A new list of victims eligible for compensation from the state is now available.
The period Sept. 21, 1972 to Feb. 25, 1986 — between when Ferdinand Marcos declared martial law and when he fled the country — has resulted in what the law describes as many “deaths, injuries, sufferings, deprivations and damages.”
Republic Act No. 10368, enacted in 2013, has committed the state to compensate those who suffered human rights violations, including summary executions, torture and enforced disappearances, under the Marcos dictatorship.
Some P10 billion has been allocated for the reparations, drawn from the Marcoses’ ill-gotten wealth, in the form of Swiss bank accounts deposits forfeited in favor of the Philippine government in 1997.
Tasked with processing the claims is the Human Rights Victims’ Claims Board (HRVCB), an independent agency created by R.A. No. 10368.
Originally given until May 12, 2016 to finish the reparations, the HRVCB was given a two-year extension, until 2018, to cope with the volume of claims.
How is the board faring?
Here are three facts on the monumental challenges the HRVCB faces.
Number of claimants exceeds earlier estimates
Framers of R.A. No. 10368 had estimated 20,000 claimants. They based the figure on the number the human rights victims that filed a class suit with the United States District Court in Hawaii — a total of 10,000 victims more popularly known as the “Hawaii claimants” — and doubled it.
The number of actual claimants, which has reached 75,730, greatly exceeds the earlier estimate, however. This is the reason the claims processing period was extended.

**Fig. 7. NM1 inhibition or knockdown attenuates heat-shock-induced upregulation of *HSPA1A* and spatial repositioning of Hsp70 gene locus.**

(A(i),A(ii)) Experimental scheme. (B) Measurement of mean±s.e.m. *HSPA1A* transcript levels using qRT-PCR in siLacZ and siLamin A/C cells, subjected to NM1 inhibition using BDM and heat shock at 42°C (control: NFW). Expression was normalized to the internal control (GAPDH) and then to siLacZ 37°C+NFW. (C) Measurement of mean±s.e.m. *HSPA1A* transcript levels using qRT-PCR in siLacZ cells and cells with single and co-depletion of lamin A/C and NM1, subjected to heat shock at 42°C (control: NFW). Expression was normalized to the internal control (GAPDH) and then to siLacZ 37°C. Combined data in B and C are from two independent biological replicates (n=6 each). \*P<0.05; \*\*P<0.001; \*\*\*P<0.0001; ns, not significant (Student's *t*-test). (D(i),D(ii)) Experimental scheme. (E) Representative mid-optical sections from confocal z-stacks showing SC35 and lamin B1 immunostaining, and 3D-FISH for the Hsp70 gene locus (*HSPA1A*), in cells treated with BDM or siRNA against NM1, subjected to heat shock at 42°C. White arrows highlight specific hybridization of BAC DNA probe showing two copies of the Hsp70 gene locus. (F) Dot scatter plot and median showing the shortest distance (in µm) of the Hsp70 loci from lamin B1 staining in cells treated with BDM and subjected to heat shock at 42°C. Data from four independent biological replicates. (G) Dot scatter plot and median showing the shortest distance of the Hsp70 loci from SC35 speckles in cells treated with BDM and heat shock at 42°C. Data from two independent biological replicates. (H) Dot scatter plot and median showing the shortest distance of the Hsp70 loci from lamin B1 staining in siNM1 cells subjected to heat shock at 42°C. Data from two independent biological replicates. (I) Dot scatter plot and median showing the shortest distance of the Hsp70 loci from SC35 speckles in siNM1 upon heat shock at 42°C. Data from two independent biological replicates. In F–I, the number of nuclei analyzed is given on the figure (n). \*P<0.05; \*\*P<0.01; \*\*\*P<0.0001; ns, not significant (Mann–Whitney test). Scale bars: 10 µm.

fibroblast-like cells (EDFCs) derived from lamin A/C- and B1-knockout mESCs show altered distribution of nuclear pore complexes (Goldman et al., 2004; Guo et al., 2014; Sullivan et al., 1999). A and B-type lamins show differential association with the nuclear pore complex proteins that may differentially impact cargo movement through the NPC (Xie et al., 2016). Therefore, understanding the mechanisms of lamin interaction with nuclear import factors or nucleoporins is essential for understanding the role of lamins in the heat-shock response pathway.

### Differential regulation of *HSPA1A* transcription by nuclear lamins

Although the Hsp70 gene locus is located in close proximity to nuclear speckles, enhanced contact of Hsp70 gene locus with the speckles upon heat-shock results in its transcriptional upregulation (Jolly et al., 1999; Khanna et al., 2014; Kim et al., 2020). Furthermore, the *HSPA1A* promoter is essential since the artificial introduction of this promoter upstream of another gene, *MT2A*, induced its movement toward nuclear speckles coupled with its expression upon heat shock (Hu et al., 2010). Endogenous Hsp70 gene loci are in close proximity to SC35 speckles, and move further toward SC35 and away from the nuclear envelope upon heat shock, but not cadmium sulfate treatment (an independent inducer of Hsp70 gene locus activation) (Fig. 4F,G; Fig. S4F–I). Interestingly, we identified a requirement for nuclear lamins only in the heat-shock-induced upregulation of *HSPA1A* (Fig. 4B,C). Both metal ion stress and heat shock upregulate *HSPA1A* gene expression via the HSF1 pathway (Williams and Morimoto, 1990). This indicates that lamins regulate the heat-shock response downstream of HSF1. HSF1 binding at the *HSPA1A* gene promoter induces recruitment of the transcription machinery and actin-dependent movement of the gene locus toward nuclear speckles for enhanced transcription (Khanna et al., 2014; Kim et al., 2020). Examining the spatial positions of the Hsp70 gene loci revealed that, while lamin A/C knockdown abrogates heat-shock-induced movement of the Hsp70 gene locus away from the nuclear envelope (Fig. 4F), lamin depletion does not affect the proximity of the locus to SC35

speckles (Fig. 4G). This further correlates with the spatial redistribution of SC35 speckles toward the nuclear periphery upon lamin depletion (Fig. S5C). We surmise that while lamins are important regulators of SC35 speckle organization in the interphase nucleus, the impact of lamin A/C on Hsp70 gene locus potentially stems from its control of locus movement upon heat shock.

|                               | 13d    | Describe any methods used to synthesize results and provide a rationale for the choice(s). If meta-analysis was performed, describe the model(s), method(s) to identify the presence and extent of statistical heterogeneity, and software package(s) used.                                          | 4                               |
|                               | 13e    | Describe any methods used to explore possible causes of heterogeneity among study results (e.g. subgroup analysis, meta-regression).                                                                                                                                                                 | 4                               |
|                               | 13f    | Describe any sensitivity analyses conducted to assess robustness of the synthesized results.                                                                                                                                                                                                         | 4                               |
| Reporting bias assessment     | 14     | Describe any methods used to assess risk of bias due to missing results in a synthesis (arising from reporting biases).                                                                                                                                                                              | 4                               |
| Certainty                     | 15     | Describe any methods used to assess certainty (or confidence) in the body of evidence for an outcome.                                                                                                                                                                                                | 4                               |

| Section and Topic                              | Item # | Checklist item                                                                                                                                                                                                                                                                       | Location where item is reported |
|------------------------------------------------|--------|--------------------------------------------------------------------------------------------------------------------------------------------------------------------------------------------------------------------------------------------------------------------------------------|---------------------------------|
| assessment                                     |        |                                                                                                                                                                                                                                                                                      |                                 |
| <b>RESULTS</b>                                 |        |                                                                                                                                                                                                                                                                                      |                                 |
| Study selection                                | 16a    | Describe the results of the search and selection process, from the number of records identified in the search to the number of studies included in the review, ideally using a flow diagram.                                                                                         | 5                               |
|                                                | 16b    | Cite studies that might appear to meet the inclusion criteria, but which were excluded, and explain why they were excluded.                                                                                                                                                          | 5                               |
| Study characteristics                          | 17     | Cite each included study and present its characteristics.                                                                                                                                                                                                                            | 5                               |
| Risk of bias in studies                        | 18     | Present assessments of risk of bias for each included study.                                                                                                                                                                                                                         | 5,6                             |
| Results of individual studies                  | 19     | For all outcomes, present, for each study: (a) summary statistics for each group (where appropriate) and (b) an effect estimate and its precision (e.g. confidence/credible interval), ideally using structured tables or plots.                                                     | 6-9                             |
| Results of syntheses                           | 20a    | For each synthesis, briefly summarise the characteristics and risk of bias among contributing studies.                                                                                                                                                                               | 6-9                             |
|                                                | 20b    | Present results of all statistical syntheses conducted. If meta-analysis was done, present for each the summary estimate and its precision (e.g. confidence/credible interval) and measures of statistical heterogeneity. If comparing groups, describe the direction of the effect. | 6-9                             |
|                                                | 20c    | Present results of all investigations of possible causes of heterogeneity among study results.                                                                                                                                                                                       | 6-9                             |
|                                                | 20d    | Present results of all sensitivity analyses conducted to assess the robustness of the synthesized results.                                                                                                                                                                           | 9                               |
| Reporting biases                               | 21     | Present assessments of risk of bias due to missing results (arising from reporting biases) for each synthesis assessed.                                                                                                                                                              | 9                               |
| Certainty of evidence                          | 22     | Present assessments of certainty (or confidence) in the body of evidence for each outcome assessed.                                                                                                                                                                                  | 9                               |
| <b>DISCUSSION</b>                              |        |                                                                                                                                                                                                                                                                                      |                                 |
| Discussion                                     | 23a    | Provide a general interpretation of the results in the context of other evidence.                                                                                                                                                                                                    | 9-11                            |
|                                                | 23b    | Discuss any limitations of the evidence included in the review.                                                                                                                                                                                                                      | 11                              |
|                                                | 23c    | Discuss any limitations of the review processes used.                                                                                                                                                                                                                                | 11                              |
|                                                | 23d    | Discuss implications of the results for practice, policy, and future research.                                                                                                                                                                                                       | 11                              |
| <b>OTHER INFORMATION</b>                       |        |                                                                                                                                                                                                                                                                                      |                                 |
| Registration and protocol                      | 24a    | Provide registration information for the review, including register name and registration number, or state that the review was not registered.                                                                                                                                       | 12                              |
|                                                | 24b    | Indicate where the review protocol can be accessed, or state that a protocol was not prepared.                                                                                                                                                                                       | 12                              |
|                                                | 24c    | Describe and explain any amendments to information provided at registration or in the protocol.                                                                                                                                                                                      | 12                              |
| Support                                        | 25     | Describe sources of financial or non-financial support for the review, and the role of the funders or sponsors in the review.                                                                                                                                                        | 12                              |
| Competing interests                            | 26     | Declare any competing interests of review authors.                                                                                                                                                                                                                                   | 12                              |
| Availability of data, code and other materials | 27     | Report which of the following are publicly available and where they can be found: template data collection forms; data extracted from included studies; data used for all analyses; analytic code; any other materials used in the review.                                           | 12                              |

Academic Alfred McCoy, in his famous paper, “Dark Legacy: Human Rights under the Marcos Regime,” provides a much higher number of human rights victims under Marcos: 3,257 killed, 35,000 tortured and 70,000 incarcerated.
As of Sept. 8, the HRVCB has processed 56,425 or three-fourths of compensation claims.
Appeals and bogus claims complicate the process
Complicating the job of the board is the influx of appeals and oppositions to its list of approved claimants, as well bogus claims.
As of writing, the board is looking into 62 appeals and 20 oppositions, mostly of heirs of human rights victims asserting their right for a share in the compensation.
In determining the reparation amounts, the board follows a point system: 10 points for killings and enforced disappearances, six to nine points for torture or rape, three to five for illegal detention, and one to two for other human rights violations.
In May, the board released P300 million to be divided among 4,000 eligible claimants under President Rodrigo Duterte’s order to fast-track the release of reparations. A total of 2,035 claimants were approved Sept. 21.
Weeding out dubious claims also proves a daunting task for HRVCB.
The board does intensive historical research to determine actual human rights victims, cross-referencing claims with consolidated data from “contemporaneous evidence” such as news clippings and release papers of martial law victims submitted by other claimants.
In cases where the board suspects fraud, it asks the claimant to submit additional documentary evidence.
A claim is denied if there is lack of substantial evidence or is considered “patently unmeritorious” if it is lacking in detail.
More personnel needed to get the job done
At present, the HRVCB has only 56 legal assistants who sift through the claims, deliberate on their documentary completeness, and initially decide on the merits of each, subject to the approval of the board.
They are supervised by 31 lawyers, who assign each legal assistant 344 cases to work on and complete before the board’s self-imposed deadline of December 2017, so it can allot the succeeding six months until May 2018 to disbursing payments.
If the board fails to meet the deadline set by law, the reparations fund would stay within the Bureau of Treasury.
Interview with HRVCB chair Lina Sarmiento
— Maria Feona Imperial